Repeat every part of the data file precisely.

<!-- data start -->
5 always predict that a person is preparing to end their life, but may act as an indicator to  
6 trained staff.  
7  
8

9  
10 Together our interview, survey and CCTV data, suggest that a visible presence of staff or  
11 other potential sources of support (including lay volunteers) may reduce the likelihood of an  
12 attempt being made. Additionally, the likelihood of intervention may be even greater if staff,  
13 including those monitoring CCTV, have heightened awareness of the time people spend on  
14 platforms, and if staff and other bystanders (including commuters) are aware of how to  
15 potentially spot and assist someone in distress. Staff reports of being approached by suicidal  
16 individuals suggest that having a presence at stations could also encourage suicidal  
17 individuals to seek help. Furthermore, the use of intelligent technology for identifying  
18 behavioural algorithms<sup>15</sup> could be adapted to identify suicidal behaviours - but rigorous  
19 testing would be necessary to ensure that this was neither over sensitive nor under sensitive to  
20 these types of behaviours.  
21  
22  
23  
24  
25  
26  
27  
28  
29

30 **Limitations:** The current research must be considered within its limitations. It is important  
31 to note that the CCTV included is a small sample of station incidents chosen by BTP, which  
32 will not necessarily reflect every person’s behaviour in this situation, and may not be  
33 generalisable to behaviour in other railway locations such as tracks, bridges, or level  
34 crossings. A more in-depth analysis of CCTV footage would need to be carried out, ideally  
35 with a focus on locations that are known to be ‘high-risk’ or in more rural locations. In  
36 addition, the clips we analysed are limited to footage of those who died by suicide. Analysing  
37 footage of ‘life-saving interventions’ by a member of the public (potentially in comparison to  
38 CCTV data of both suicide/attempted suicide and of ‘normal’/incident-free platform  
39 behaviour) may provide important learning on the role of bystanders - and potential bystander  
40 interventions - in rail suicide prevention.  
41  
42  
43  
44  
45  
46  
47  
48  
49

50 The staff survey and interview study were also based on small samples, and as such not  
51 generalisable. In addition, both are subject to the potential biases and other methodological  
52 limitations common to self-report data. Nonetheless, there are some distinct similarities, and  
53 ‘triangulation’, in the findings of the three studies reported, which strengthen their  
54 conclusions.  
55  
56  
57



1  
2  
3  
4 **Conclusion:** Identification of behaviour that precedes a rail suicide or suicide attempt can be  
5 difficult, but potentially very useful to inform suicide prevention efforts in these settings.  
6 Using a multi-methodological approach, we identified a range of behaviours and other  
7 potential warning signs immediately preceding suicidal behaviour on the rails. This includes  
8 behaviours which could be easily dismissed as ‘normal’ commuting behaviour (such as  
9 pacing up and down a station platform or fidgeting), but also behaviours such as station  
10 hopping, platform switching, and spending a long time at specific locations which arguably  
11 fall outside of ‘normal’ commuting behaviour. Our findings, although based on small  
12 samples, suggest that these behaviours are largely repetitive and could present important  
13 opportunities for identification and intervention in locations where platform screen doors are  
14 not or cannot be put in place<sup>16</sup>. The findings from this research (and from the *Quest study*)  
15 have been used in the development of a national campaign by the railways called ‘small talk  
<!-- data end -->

5 always predict that a person is preparing to end their life, but may act as an indicator to  
6 trained staff.  
7  
8

9  
10 Together our interview, survey and CCTV data, suggest that a visible presence of staff or  
11 other potential sources of support (including lay volunteers) may reduce the likelihood of an  
12 attempt being made. Additionally, the likelihood of intervention may be even greater if staff,  
13 including those monitoring CCTV, have heightened awareness of the time people spend on  
14 platforms, and if staff and other bystanders (including commuters) are aware of how to  
15 potentially spot and assist someone in distress. Staff reports of being approached by suicidal  
16 individuals suggest that having a presence at stations could also encourage suicidal  
17 individuals to seek help. Furthermore, the use of intelligent technology for identifying  
18 behavioural algorithms<sup>15</sup> could be adapted to identify suicidal behaviours - but rigorous  
19 testing would be necessary to ensure that this was neither over sensitive nor under sensitive to  
20 these types of behaviours.  
21  
22  
23  
24  
25  
26  
27  
28  
29

30 **Limitations:** The current research must be considered within its limitations. It is important  
31 to note that the CCTV included is a small sample of station incidents chosen by BTP, which  
32 will not necessarily reflect every person’s behaviour in this situation, and may not be  
33 generalisable to behaviour in other railway locations such as tracks, bridges, or level  
34 crossings. A more in-depth analysis of CCTV footage would need to be carried out, ideally  
35 with a focus on locations that are known to be ‘high-risk’ or in more rural locations. In  
36 addition, the clips we analysed are limited to footage of those who died by suicide. Analysing  
37 footage of ‘life-saving interventions’ by a member of the public (potentially in comparison to  
38 CCTV data of both suicide/attempted suicide and of ‘normal’/incident-free platform  
39 behaviour) may provide important learning on the role of bystanders - and potential bystander  
40 interventions - in rail suicide prevention.  
41  
42  
43  
44  
45  
46  
47  
48  
49

50 The staff survey and interview study were also based on small samples, and as such not  
51 generalisable. In addition, both are subject to the potential biases and other methodological  
52 limitations common to self-report data. Nonetheless, there are some distinct similarities, and  
53 ‘triangulation’, in the findings of the three studies reported, which strengthen their  
54 conclusions.  
55  
56  
57



1  
2  
3  
4 **Conclusion:** Identification of behaviour that precedes a rail suicide or suicide attempt can be  
5 difficult, but potentially very useful to inform suicide prevention efforts in these settings.  
6 Using a multi-methodological approach, we identified a range of behaviours and other  
7 potential warning signs immediately preceding suicidal behaviour on the rails. This includes  
8 behaviours which could be easily dismissed as ‘normal’ commuting behaviour (such as  
9 pacing up and down a station platform or fidgeting), but also behaviours such as station  
10 hopping, platform switching, and spending a long time at specific locations which arguably  
11 fall outside of ‘normal’ commuting behaviour. Our findings, although based on small  
12 samples, suggest that these behaviours are largely repetitive and could present important  
13 opportunities for identification and intervention in locations where platform screen doors are  
14 not or cannot be put in place<sup>16</sup>. The findings from this research (and from the *Quest study*)  
15 have been used in the development of a national campaign by the railways called ‘small talk  